CSE’s School of Water and Waste aims to establish policy principles, innovative technologies and implementation strategies for citywide water and sanitation management
The world is urbanising rapidly, with around 55 per cent of its population — 4.2 billion inhabitants — living in cities. The demand for key services like safe drinking water and sanitation is likely to emerge as a major challenge in the coming years.
This is especially true for sanitation provisions. Many towns and cities are without sewerage. Formal sewerage provision is often confined to central business districts and high-income areas even in those places where it exists.
Looking at the prevailing situation, experts have critiqued the perspective of solely using the conventional infrastructure approach of centralised systems of sanitation management. Statistics show that 80 per cent of water worldwide is released untreated into the environment. This problem is even worse in developing countries.
State and non-state organisations across the globe have realised that sewerage networks alone cannot help achieve the increasing treatment capacity. Onsite sanitation management is a practical solution to meet this demand and reach those without adequate sanitation.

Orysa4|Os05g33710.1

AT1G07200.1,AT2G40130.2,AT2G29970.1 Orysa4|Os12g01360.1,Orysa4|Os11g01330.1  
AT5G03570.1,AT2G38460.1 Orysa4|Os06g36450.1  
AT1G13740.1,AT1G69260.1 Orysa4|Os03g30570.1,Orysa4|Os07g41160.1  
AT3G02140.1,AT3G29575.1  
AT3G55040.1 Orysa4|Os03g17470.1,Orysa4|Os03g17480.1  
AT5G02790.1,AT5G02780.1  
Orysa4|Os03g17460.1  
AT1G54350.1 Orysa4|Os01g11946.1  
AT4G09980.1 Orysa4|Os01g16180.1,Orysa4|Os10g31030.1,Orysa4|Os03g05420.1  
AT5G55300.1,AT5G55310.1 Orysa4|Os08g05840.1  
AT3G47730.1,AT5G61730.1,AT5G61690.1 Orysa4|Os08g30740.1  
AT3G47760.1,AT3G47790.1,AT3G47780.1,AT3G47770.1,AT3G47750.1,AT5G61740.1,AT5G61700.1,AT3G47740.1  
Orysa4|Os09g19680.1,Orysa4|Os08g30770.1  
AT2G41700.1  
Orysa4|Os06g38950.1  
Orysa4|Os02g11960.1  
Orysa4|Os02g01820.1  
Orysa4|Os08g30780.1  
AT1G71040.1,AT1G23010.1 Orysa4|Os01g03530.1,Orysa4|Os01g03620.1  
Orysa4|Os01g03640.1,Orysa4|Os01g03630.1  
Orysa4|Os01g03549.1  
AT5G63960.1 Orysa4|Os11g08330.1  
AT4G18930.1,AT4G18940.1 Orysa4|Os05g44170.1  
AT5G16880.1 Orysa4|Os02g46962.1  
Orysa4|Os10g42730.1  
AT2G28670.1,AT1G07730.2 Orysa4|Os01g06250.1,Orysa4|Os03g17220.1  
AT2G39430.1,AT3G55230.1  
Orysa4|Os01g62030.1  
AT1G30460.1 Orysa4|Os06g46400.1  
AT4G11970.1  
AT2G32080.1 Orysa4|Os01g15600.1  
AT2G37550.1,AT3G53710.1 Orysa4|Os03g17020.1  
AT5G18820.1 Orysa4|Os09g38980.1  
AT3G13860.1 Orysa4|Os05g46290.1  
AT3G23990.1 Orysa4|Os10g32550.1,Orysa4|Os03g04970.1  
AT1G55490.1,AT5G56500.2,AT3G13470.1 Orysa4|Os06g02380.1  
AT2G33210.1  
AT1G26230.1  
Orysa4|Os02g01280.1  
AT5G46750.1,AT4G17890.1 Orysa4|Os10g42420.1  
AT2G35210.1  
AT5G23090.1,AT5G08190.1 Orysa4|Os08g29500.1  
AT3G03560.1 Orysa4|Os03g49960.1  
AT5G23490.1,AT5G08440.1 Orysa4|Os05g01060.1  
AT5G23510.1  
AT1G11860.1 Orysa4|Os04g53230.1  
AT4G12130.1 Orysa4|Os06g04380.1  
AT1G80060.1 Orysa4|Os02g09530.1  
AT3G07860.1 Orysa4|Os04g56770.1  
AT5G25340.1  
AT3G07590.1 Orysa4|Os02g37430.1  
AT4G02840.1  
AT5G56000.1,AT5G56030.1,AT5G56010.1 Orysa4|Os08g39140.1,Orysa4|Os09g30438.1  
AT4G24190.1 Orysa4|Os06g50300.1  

The approach promotes treating the waste at source, rather than dealing with it several miles away in a centralised manner. It can be considered as a sustainable and effective solution to achieve citywide sanitation for all.
Decentralised technologies and city-based governance are being actively endorsed for urban sanitation in developing countries. The Union Ministry of Housing and Urban Affairs (MoHUA) issued the Advisory on On-site and Off-site Sewage Management Practices as a comprehensive tool to strengthen the policy on sewage management (including on and offsite), address the complete sanitation value chain and work towards circular economy.